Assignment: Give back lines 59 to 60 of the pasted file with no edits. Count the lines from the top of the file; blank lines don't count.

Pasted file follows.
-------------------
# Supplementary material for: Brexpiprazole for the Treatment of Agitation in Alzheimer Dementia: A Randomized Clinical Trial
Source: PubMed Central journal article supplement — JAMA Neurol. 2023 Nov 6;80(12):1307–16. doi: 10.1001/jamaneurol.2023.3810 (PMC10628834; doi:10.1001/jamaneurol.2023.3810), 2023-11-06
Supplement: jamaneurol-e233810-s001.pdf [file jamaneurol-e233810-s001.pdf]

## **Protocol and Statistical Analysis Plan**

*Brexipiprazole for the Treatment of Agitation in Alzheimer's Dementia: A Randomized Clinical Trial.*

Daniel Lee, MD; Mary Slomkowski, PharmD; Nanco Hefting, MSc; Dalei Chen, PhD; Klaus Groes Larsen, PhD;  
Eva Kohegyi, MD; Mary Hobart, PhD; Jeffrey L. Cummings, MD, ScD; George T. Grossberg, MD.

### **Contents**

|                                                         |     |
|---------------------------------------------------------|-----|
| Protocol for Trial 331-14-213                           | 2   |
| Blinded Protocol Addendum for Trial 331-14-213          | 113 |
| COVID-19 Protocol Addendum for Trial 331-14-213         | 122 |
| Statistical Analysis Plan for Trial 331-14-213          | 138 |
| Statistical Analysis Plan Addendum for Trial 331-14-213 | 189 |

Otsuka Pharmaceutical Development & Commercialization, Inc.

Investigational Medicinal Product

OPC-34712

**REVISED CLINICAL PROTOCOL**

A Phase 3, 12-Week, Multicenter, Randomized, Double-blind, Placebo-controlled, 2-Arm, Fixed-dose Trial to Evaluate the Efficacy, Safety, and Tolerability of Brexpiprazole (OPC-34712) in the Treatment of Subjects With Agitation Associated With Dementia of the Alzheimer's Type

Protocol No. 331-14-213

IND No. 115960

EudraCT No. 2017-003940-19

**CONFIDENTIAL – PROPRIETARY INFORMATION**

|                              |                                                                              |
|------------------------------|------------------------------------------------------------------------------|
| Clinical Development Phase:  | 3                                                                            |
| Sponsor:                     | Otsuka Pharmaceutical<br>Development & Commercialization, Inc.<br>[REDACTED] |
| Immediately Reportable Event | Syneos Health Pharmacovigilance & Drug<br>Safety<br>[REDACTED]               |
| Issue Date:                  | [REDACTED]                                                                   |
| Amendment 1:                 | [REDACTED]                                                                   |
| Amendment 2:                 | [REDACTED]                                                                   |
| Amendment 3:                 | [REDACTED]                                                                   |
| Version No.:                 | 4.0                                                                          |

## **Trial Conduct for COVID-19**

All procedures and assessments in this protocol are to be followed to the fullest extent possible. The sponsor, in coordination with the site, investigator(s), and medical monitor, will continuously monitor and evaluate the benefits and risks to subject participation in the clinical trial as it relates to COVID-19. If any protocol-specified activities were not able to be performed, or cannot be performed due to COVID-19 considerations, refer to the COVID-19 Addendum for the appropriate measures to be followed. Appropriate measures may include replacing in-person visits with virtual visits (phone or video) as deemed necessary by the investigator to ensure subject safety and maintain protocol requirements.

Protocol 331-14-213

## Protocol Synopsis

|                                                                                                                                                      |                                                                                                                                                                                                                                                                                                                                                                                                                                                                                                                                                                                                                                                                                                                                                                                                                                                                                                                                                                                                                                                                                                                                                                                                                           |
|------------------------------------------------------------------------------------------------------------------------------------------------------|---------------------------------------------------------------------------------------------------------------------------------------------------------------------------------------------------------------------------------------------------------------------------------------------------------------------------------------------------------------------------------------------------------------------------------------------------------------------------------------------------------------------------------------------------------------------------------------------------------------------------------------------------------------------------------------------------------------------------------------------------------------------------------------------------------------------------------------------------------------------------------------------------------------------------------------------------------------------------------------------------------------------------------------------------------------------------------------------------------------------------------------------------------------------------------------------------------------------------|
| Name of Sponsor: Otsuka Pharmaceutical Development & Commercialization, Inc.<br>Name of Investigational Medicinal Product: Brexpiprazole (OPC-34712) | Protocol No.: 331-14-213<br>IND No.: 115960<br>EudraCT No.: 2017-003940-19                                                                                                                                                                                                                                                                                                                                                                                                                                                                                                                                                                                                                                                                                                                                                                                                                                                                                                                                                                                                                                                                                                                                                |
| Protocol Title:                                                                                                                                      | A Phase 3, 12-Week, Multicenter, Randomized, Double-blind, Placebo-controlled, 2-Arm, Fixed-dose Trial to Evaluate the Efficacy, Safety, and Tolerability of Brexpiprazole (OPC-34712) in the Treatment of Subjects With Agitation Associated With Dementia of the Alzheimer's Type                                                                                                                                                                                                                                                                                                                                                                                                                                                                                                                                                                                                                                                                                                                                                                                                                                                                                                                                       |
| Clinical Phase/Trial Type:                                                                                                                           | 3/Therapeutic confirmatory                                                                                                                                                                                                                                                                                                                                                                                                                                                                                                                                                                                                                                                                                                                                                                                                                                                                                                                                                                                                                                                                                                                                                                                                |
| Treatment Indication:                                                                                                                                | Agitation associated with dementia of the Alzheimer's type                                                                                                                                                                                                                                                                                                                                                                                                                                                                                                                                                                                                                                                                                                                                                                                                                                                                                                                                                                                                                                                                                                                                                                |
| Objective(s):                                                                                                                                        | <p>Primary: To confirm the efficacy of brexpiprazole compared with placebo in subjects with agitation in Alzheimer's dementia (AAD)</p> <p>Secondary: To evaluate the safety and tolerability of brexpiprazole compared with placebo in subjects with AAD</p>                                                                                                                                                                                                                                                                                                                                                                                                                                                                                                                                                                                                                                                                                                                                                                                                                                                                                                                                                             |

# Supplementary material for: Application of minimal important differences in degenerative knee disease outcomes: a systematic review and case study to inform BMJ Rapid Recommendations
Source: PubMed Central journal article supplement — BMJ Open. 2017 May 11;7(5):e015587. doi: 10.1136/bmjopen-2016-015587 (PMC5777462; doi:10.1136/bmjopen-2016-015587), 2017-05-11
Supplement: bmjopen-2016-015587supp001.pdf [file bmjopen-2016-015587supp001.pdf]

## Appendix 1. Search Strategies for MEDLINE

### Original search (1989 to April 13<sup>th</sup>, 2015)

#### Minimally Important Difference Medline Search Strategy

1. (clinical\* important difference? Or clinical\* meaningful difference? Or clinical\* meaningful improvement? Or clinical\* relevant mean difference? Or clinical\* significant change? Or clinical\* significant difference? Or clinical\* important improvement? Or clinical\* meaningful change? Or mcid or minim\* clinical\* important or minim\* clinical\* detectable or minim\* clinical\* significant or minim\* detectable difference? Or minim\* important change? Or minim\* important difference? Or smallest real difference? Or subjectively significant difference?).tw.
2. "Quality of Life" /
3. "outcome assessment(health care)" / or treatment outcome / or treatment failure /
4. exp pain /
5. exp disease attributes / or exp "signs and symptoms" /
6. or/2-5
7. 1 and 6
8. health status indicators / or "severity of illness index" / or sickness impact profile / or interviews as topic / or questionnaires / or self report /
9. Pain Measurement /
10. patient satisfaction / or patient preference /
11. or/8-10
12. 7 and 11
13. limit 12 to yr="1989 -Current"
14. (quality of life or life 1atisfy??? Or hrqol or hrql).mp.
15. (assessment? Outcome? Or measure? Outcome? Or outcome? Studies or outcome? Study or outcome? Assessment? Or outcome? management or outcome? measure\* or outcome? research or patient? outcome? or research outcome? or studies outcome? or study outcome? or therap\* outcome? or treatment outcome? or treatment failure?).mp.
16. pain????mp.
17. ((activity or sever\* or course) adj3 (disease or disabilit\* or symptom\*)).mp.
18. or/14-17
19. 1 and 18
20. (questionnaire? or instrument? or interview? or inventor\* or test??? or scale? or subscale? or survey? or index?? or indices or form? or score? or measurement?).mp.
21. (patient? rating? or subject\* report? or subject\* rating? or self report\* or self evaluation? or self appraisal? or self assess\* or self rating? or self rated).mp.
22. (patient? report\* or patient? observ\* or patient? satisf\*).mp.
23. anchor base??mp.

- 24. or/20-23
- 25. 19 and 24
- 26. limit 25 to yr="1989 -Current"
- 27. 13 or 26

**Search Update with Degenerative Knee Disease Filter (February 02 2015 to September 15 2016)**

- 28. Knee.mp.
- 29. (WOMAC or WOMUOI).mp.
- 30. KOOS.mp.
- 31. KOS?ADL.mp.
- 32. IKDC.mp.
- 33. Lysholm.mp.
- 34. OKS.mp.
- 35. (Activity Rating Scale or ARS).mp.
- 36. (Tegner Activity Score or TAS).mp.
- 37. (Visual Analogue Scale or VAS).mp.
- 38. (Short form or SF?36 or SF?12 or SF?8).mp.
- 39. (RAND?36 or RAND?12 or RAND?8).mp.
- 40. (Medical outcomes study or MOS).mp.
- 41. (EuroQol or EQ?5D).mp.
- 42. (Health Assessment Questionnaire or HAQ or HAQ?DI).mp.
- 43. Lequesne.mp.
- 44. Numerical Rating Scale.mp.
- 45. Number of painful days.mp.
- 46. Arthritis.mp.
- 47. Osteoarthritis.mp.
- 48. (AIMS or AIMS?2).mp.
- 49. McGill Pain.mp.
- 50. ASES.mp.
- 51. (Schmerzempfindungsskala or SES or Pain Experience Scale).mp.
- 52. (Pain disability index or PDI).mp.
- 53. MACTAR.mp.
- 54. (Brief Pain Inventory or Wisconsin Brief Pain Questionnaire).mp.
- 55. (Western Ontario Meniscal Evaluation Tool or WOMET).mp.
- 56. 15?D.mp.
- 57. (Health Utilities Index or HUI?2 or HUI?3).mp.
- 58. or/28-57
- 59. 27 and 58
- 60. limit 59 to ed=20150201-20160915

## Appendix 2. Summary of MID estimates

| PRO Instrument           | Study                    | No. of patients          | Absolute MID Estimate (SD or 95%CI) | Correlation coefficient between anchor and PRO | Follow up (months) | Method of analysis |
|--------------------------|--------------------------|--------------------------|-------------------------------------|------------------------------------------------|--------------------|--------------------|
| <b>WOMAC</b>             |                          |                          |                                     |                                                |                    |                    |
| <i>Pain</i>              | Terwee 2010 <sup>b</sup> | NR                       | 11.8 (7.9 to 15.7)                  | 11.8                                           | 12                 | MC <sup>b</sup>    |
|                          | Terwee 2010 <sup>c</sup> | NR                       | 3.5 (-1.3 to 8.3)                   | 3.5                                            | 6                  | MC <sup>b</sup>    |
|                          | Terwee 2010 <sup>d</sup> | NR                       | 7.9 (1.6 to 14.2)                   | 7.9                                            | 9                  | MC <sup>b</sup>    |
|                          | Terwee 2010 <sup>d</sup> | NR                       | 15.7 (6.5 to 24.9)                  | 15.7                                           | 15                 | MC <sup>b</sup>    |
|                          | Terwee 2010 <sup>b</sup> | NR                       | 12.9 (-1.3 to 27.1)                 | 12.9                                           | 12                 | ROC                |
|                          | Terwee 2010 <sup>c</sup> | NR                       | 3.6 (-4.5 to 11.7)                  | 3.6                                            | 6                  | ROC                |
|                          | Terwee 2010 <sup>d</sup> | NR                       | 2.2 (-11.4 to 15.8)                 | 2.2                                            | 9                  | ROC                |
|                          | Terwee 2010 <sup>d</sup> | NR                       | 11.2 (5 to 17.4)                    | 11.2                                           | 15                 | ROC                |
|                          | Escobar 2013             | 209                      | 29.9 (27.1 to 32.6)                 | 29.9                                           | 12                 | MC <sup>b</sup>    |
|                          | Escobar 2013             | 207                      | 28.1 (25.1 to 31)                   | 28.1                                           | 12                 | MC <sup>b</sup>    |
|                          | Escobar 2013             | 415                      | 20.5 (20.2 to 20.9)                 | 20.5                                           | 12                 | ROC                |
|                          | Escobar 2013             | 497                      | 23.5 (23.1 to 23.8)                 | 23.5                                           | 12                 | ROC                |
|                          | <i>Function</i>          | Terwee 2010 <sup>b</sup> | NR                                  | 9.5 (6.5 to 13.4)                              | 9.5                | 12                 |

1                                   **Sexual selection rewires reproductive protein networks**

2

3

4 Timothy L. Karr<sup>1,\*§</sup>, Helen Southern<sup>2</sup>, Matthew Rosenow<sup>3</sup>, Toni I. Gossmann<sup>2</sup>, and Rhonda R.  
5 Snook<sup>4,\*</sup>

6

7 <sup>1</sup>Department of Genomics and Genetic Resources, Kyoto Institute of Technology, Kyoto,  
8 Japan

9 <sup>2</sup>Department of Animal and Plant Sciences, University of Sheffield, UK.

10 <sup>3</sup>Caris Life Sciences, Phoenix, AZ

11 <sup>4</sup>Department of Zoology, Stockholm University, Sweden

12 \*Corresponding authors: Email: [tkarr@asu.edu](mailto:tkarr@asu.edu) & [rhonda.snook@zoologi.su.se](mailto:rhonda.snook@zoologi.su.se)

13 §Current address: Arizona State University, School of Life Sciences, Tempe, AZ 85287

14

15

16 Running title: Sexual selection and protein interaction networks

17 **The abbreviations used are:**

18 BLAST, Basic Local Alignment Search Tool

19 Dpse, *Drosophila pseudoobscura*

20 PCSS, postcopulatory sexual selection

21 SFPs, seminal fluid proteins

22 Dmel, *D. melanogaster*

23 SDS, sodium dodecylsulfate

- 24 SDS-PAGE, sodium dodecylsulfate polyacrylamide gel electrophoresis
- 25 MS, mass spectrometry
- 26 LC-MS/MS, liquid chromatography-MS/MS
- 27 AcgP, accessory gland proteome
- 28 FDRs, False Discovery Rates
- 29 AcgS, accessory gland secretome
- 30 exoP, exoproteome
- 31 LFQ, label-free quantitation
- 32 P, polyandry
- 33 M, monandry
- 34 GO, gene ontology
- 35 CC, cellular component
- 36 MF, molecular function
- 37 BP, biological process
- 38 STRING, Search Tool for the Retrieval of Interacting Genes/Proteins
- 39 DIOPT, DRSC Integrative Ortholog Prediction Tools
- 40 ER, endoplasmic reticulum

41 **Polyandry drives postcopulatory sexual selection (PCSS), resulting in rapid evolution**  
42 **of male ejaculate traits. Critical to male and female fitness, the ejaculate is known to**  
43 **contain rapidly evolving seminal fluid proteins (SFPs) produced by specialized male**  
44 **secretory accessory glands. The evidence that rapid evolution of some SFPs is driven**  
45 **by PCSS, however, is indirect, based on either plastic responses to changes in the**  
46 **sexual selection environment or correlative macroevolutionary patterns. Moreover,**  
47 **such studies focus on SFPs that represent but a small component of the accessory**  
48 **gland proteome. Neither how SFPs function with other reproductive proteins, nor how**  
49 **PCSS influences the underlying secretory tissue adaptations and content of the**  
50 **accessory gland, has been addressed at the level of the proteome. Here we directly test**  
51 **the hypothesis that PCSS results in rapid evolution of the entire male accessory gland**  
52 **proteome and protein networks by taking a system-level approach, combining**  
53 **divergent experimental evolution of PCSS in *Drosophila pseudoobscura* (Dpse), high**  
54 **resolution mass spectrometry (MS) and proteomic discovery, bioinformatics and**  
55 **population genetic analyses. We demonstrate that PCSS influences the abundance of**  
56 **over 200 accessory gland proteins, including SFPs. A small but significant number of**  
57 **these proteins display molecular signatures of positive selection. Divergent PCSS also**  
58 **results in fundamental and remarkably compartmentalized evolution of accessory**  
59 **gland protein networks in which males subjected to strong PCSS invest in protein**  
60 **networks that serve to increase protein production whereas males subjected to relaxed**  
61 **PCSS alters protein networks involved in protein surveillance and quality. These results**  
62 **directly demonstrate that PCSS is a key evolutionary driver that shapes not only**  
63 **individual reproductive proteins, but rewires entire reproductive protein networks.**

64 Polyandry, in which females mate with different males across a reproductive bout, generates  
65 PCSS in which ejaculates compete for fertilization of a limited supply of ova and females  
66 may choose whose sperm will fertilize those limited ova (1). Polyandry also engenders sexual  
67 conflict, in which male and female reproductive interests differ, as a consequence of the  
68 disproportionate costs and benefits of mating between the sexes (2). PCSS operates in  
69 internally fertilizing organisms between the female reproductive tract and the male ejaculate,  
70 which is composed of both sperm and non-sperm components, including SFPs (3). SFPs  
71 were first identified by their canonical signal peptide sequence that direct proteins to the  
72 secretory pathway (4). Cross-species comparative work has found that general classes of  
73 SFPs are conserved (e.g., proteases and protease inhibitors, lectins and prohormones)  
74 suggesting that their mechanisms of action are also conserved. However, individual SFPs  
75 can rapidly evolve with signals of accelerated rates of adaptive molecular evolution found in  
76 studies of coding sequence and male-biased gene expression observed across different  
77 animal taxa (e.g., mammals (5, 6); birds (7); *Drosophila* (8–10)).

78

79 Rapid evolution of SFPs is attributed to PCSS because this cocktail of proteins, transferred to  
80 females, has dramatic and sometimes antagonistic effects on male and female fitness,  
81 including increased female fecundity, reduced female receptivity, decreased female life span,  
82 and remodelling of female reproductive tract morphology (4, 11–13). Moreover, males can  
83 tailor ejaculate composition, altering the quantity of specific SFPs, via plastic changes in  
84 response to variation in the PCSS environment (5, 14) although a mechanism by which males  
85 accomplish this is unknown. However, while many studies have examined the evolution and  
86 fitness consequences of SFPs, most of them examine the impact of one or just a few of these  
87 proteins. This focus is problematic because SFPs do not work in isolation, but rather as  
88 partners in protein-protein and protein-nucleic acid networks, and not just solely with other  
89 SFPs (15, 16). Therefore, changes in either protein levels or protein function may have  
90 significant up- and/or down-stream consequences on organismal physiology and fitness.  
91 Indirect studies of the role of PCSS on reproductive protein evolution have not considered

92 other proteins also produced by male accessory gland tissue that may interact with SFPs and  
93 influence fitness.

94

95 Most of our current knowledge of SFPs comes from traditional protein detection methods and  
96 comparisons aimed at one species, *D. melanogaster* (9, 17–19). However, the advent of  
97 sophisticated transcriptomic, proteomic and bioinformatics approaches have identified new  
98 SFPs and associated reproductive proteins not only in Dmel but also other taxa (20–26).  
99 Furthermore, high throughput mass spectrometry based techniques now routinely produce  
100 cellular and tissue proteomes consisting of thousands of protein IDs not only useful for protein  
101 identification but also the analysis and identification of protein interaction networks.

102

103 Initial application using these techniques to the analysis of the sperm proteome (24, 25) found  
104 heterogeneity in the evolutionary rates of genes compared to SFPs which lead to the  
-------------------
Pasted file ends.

8. health status indicators / or "severity of illness index" / or sickness impact profile / or interviews as topic / or questionnaires / or self report /
9. Pain Measurement /